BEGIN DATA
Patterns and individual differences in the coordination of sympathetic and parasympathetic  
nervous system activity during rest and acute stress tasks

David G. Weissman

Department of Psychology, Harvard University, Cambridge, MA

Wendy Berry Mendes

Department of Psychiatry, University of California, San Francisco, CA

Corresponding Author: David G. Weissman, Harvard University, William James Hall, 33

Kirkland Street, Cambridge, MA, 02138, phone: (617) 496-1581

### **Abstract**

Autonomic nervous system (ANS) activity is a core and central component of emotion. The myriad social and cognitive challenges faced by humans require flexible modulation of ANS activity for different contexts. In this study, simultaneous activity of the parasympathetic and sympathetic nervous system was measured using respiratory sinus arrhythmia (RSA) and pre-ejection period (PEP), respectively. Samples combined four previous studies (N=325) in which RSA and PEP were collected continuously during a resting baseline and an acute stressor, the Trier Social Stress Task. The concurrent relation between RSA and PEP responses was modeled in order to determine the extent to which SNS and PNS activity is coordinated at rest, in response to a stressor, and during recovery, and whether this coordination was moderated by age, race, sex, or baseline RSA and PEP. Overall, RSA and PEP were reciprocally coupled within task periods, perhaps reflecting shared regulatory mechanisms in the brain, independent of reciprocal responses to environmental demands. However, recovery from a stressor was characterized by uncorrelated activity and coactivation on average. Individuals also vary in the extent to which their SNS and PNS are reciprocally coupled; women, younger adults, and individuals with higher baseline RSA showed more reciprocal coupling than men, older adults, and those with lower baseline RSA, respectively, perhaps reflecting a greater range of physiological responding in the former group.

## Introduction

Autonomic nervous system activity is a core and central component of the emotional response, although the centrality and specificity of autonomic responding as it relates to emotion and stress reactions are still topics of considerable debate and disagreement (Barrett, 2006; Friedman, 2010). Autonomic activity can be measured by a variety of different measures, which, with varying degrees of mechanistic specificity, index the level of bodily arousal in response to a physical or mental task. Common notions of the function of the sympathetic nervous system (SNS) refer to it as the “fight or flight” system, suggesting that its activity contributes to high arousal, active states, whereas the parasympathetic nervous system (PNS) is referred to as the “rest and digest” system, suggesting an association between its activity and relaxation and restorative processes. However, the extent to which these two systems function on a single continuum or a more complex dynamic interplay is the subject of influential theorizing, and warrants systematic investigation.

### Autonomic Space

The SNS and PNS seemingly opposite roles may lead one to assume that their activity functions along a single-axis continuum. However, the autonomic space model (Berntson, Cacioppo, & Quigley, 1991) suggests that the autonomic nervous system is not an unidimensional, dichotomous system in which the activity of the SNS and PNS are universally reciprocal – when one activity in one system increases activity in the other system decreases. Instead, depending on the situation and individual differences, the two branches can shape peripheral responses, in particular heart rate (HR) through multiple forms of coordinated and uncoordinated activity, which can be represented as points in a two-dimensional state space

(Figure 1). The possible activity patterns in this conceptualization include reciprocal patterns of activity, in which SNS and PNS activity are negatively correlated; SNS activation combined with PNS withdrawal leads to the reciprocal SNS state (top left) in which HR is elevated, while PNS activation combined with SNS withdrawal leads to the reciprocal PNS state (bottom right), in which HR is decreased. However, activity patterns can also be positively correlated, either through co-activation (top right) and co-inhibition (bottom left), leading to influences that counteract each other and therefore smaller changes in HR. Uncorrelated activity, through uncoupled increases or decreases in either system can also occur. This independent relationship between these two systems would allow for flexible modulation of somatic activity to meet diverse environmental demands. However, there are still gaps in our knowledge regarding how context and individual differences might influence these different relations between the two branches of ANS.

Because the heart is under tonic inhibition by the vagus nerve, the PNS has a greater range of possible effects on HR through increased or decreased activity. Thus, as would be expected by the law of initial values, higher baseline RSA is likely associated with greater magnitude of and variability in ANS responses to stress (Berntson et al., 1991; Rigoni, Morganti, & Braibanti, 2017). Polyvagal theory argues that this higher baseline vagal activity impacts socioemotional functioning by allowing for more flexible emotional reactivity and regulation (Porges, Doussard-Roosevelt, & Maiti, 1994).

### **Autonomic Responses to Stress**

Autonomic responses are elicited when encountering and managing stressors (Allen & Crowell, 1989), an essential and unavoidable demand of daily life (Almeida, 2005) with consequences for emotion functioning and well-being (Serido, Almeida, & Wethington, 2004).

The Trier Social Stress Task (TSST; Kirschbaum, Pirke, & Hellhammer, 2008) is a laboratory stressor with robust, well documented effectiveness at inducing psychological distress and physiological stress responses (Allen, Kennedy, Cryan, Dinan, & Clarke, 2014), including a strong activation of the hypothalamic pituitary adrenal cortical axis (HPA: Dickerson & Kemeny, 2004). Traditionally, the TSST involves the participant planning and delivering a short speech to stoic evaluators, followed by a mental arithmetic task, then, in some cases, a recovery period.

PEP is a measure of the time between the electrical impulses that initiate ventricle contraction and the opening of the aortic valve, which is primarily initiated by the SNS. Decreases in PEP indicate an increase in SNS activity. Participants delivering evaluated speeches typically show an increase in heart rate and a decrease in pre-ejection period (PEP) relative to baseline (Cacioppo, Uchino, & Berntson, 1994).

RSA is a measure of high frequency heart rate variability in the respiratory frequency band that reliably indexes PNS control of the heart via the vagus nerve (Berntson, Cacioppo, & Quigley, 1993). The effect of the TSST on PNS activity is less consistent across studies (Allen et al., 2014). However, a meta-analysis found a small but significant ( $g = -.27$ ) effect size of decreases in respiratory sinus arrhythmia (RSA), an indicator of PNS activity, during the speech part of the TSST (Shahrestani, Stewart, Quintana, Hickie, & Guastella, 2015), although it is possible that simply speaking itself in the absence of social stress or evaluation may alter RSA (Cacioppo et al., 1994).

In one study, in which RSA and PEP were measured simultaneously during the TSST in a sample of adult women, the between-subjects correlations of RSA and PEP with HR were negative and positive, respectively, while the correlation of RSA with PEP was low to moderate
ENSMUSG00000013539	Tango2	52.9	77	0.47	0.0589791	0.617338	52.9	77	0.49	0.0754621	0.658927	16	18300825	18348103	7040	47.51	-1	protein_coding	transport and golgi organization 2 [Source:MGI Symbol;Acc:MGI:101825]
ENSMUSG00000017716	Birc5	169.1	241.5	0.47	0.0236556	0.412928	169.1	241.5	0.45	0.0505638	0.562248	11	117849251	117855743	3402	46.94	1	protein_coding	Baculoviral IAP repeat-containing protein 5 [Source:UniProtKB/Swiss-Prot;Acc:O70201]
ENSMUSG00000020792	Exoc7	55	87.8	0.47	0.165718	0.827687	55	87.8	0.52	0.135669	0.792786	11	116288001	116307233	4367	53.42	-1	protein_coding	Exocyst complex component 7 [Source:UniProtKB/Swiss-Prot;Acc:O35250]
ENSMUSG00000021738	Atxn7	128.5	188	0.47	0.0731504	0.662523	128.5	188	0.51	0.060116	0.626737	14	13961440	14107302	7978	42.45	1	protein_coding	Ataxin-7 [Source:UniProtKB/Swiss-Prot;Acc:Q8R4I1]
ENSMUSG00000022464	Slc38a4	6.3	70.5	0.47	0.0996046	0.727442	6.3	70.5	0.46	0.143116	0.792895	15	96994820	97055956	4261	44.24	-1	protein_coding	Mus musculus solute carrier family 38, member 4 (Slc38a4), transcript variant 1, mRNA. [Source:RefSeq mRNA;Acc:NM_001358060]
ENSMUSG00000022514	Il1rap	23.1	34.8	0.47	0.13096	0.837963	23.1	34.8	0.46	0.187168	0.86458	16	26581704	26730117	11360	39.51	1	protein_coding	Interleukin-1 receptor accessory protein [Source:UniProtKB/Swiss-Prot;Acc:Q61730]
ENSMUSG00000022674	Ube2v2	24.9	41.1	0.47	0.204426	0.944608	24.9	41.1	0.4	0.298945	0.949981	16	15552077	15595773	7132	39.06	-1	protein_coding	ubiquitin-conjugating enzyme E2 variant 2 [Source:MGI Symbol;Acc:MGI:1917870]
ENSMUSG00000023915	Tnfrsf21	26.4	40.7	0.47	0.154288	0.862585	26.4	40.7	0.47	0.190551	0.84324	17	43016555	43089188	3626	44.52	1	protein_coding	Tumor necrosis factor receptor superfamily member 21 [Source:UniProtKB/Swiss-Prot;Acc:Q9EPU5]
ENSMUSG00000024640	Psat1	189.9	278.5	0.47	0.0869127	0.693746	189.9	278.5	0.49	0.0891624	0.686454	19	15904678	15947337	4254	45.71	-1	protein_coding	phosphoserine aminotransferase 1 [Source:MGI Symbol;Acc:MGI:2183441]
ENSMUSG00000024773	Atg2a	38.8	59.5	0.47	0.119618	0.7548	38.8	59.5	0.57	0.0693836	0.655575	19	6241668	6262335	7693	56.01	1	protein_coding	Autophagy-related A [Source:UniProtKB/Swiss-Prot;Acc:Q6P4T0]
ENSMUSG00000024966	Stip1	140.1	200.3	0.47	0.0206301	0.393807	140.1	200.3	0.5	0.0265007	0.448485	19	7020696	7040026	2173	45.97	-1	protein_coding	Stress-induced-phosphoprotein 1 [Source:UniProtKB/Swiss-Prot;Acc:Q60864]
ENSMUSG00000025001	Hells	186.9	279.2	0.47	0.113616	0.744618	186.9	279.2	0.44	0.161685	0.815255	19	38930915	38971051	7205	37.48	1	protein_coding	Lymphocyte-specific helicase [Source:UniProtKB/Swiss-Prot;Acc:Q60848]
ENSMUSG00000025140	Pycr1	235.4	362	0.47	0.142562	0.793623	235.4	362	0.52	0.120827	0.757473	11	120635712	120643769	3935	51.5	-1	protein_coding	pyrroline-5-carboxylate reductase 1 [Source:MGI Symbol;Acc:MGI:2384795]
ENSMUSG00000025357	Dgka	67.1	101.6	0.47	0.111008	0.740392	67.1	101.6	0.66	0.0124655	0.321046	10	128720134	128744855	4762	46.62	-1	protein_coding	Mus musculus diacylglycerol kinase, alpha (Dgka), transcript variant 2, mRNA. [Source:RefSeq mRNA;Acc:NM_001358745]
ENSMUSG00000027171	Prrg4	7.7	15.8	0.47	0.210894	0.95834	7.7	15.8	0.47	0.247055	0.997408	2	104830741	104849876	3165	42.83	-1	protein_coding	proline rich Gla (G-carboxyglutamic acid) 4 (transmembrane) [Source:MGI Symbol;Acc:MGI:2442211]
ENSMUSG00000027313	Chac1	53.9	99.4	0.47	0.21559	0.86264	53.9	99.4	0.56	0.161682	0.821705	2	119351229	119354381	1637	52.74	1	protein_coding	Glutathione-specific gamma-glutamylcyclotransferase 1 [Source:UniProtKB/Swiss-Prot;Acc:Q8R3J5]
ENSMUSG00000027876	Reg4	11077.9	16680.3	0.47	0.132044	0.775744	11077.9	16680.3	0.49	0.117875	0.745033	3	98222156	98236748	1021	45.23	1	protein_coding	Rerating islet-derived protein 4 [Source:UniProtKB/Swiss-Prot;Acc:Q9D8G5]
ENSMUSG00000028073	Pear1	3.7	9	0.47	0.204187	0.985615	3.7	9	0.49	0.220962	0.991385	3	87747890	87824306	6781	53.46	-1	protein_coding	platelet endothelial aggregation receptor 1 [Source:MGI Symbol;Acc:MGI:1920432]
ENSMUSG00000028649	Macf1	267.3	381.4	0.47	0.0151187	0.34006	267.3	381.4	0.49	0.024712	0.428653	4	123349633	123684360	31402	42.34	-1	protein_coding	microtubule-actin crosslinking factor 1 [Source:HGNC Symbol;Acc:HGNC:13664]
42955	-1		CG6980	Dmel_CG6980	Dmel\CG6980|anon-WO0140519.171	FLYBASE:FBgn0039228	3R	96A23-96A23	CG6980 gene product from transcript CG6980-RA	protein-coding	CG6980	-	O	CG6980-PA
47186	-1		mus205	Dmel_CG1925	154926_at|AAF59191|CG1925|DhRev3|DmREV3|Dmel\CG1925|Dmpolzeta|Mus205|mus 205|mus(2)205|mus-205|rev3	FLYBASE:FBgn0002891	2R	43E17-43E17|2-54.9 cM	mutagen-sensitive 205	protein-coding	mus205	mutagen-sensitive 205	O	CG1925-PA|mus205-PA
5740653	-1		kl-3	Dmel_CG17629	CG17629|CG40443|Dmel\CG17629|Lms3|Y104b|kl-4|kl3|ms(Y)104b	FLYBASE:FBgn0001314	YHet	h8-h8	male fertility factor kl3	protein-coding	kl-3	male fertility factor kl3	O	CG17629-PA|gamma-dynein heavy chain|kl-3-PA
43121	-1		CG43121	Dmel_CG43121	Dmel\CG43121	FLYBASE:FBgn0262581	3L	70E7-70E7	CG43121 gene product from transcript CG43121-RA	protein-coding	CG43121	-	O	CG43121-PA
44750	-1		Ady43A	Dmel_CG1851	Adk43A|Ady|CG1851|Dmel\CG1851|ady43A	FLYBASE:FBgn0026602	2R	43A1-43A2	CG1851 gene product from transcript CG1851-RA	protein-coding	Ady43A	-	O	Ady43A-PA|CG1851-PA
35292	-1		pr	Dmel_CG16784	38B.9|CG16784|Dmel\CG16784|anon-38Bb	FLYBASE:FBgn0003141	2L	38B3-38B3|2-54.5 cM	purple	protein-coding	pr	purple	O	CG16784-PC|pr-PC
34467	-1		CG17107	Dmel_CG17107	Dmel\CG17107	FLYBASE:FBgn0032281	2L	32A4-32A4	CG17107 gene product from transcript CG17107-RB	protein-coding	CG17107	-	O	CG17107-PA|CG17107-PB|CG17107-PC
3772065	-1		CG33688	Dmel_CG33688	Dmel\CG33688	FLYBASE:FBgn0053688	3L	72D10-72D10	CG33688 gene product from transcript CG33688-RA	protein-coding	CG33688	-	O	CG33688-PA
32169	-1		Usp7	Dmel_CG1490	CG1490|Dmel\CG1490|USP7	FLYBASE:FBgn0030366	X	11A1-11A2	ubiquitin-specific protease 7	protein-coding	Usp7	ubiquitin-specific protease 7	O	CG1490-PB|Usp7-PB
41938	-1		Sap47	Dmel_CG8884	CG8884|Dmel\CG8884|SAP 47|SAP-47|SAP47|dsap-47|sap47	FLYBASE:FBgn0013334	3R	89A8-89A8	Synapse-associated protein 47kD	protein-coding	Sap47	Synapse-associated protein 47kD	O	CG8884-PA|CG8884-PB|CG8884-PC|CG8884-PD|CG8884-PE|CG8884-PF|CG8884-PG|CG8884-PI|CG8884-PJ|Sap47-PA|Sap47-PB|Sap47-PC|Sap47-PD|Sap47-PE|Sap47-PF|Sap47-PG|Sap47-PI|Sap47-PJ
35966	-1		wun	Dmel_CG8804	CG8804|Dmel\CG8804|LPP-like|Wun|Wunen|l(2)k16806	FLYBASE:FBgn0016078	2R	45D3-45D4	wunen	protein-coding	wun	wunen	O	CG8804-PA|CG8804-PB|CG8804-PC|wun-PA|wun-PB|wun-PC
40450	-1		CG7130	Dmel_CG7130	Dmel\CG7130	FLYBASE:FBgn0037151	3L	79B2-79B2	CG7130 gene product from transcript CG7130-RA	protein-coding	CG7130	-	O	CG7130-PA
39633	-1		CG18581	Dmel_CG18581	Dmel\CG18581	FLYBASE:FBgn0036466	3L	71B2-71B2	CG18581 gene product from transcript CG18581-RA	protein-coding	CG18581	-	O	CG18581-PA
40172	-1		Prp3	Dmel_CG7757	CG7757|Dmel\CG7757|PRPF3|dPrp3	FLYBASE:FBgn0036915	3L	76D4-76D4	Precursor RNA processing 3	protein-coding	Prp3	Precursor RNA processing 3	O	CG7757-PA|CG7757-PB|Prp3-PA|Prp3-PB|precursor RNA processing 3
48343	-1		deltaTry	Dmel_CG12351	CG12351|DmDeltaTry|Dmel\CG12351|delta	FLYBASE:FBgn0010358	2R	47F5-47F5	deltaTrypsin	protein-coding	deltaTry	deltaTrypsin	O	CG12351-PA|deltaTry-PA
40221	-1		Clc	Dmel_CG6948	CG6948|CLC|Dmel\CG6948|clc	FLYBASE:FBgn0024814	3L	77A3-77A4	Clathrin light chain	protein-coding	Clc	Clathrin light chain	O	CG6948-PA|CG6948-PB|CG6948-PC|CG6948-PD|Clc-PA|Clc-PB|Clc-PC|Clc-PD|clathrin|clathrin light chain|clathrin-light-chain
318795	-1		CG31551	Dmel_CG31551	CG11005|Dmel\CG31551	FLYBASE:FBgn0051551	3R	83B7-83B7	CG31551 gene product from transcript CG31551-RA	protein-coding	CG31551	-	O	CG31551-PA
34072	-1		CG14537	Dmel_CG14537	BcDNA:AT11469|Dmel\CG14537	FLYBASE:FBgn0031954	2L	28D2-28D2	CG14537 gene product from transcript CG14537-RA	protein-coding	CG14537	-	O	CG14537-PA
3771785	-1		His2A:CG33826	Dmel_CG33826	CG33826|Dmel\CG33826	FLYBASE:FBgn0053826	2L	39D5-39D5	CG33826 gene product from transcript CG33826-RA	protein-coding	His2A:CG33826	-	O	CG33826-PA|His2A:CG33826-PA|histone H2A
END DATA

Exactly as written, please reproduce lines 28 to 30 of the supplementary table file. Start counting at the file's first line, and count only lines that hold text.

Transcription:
ENSMUSG00000022514	Il1rap	23.1	34.8	0.47	0.13096	0.837963	23.1	34.8	0.46	0.187168	0.86458	16	26581704	26730117	11360	39.51	1	protein_coding	Interleukin-1 receptor accessory protein [Source:UniProtKB/Swiss-Prot;Acc:Q61730]
ENSMUSG00000022674	Ube2v2	24.9	41.1	0.47	0.204426	0.944608	24.9	41.1	0.4	0.298945	0.949981	16	15552077	15595773	7132	39.06	-1	protein_coding	ubiquitin-conjugating enzyme E2 variant 2 [Source:MGI Symbol;Acc:MGI:1917870]
ENSMUSG00000023915	Tnfrsf21	26.4	40.7	0.47	0.154288	0.862585	26.4	40.7	0.47	0.190551	0.84324	17	43016555	43089188	3626	44.52	1	protein_coding	Tumor necrosis factor receptor superfamily member 21 [Source:UniProtKB/Swiss-Prot;Acc:Q9EPU5]